How does Tellson's Bank epitomize English complacency in A Tale of Two Cities?
Tellson’s Bank epitomizes English complacency because it is old, crusty, dusty, inefficient and stuck in time, yet the people there seem to like it that way.
Tellson’s is an old monster, sitting in the middle of its web of connections and making little effort anymore. This is similar to how Dickens thought of England, resting on its laurels, not making any effort to advance or improve, or even realize the world was changing.
Lorry comments that Tellson’s bank might be “a hundred and fifty” years old, and had been flourishing for a long time (Book 1, ch 4). It had changed little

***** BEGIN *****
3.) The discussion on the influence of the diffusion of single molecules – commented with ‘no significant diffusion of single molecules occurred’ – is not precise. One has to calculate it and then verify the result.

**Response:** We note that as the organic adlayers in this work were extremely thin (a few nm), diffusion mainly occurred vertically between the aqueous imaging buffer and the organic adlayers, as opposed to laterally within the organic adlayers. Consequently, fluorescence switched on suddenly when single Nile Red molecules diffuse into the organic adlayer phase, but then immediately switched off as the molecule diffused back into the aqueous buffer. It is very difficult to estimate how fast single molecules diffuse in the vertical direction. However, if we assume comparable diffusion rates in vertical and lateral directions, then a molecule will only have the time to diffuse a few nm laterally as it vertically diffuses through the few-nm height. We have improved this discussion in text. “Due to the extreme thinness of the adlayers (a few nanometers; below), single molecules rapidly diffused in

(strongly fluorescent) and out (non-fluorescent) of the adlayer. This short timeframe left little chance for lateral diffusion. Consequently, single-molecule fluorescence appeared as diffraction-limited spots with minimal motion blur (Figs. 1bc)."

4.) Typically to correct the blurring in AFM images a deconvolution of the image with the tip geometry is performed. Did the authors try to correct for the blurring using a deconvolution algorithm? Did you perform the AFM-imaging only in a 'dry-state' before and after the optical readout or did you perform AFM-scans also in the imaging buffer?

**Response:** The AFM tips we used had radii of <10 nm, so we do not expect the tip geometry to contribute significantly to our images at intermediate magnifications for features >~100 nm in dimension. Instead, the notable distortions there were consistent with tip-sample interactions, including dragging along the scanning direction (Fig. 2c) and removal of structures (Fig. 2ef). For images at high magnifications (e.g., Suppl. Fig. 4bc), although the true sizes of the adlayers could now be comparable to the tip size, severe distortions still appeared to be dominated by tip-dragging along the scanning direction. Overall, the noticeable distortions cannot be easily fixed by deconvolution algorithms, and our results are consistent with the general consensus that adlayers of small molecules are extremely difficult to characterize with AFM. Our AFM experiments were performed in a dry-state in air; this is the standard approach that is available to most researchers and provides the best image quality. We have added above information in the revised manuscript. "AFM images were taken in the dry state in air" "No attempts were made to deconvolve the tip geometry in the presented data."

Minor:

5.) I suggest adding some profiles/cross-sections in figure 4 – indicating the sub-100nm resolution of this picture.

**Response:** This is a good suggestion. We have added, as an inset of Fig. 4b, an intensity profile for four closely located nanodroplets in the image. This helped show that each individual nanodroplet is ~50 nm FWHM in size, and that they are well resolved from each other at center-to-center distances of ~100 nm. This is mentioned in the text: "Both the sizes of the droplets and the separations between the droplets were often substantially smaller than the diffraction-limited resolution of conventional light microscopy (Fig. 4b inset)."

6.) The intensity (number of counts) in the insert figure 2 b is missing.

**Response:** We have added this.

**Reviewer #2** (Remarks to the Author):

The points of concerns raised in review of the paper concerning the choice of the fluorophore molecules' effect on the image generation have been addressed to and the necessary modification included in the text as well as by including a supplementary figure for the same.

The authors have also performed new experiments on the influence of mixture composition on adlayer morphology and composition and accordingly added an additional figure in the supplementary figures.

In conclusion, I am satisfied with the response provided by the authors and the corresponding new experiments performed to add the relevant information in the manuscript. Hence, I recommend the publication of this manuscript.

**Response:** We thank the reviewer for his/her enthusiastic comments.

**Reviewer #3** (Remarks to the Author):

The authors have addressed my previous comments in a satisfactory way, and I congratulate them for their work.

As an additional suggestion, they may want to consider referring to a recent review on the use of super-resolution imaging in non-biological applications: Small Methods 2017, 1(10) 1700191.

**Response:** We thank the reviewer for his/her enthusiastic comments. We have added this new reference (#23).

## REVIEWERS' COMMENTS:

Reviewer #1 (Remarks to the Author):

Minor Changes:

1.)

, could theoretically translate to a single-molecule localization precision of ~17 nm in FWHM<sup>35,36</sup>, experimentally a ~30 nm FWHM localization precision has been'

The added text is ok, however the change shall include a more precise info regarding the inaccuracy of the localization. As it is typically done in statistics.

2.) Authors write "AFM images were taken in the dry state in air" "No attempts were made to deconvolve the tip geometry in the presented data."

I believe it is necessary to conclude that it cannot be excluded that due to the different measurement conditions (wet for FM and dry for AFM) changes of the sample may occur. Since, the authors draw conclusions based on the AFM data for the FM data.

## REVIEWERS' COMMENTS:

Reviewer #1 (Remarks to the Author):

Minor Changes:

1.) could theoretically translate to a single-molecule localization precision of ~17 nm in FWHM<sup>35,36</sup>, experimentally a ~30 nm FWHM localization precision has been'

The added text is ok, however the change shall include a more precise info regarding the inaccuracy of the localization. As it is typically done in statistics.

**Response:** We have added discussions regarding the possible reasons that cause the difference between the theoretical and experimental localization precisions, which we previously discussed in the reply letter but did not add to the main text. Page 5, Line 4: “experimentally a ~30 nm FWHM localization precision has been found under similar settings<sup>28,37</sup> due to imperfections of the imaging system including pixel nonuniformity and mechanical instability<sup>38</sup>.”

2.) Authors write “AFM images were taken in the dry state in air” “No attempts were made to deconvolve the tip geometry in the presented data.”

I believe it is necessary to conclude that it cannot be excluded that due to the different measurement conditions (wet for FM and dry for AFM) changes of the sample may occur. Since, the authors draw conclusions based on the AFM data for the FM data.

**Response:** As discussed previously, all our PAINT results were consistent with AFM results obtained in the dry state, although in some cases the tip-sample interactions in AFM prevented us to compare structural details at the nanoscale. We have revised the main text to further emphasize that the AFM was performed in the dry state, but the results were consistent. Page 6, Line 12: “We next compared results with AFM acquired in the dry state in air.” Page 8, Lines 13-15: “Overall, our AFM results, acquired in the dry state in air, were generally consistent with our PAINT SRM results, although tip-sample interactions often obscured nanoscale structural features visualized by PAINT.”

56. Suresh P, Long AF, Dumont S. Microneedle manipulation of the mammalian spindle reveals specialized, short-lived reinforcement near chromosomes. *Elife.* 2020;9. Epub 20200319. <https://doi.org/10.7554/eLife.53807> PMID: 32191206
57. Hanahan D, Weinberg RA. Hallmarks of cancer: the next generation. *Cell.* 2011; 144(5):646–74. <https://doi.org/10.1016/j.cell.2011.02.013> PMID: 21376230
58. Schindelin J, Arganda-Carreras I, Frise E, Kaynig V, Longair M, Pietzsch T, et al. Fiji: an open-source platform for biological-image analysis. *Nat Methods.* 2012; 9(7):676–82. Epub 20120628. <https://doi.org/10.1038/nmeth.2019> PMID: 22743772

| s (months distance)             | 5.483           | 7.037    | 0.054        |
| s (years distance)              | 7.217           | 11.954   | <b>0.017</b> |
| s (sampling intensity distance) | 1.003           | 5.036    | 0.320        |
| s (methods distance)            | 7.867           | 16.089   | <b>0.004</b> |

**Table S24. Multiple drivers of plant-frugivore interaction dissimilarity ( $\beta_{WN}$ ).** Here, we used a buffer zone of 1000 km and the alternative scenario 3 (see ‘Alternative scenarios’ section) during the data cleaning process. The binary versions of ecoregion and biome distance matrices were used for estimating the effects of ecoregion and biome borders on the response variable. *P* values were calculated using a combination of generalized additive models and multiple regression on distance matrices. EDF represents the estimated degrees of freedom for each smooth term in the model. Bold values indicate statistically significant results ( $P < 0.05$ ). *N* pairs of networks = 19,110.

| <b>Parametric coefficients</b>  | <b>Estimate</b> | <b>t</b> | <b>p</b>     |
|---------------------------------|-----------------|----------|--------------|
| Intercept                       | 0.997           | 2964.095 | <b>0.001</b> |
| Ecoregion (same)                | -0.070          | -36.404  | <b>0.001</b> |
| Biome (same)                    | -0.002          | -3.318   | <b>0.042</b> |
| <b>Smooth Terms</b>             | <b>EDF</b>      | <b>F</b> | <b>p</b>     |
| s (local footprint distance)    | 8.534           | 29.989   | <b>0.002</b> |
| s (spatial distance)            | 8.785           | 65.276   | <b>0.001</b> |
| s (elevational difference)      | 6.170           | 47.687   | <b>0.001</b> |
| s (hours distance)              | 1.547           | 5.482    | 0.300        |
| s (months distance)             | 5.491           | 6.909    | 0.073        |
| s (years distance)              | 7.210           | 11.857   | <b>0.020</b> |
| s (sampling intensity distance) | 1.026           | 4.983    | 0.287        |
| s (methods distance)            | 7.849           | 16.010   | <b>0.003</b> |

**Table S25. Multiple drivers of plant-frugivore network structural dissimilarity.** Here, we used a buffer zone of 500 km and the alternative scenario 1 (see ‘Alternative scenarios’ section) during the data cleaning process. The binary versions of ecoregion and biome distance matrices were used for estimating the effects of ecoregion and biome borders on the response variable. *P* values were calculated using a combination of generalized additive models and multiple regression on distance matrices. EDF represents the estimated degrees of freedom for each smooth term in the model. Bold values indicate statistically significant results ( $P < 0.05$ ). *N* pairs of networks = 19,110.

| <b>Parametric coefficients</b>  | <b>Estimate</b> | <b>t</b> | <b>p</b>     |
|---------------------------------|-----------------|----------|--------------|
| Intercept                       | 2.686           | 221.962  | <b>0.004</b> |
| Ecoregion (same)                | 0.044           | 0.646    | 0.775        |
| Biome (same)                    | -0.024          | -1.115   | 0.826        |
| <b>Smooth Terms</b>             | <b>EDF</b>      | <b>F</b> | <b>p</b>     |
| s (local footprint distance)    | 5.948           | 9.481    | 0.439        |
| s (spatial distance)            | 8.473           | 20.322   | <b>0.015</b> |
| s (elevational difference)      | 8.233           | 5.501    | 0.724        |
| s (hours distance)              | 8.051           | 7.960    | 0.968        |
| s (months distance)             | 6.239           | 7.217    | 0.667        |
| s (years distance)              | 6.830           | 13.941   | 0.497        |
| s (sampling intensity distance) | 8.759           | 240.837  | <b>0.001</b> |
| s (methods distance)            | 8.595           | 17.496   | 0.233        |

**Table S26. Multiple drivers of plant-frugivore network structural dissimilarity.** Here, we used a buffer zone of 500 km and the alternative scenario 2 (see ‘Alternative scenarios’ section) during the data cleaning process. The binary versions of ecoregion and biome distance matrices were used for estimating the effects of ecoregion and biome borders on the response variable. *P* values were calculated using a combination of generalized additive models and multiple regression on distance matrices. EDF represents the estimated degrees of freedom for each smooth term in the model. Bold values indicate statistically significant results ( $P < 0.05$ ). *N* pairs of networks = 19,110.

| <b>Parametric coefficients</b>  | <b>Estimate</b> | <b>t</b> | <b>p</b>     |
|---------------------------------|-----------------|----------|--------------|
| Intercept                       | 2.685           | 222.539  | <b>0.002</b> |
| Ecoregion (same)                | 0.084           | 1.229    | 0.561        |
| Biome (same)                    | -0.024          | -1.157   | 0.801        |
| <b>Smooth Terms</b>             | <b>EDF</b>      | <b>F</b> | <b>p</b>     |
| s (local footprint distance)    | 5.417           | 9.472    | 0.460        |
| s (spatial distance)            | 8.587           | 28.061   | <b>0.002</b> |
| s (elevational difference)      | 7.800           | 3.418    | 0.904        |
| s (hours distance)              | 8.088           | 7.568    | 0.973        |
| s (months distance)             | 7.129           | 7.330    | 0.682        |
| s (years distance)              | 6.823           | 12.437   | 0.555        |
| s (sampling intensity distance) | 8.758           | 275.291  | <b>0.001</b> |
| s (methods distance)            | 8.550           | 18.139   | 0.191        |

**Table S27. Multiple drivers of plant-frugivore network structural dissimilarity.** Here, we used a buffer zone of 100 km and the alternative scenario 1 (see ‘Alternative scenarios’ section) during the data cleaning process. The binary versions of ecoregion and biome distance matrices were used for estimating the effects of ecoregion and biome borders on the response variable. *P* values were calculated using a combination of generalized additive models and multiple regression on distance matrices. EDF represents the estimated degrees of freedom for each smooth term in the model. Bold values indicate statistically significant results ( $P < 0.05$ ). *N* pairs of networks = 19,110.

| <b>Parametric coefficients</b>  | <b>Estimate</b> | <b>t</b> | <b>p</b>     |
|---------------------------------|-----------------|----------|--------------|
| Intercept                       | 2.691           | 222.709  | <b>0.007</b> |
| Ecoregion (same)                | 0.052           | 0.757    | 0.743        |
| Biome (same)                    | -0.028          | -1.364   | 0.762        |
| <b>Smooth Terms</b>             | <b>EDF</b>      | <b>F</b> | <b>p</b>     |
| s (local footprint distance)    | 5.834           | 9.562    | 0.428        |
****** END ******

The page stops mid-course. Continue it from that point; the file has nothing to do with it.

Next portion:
It was very small, very dark, very ugly, very incommodious. It was an old-fashioned place, moreover, in the moral attribute that the partners in the House were proud of its smallness, proud of its darkness, proud of its ugliness, proud of its incommodiousness. (Book 2, ch 1)
Dickens describes Tellsons’s as “triumphant perfection of inconvenience” because it was so difficult for anyone to get anything done there. Yet the employees perpetuate this inefficiency, and do nothing to make things any easier for their customers. They do not respect their customers. Even employees who go into the bank as young men seem to be hidden away until they are old men. Nothing changes, and they see no need to change.
Dickens warns in the opening paragraph that his tale of the French Revolution is a cautionary one. Tellson’s is a perfect example of how some people get fat off of others’ hardsgips, ignoring the suffering of the masses. This is dangerous.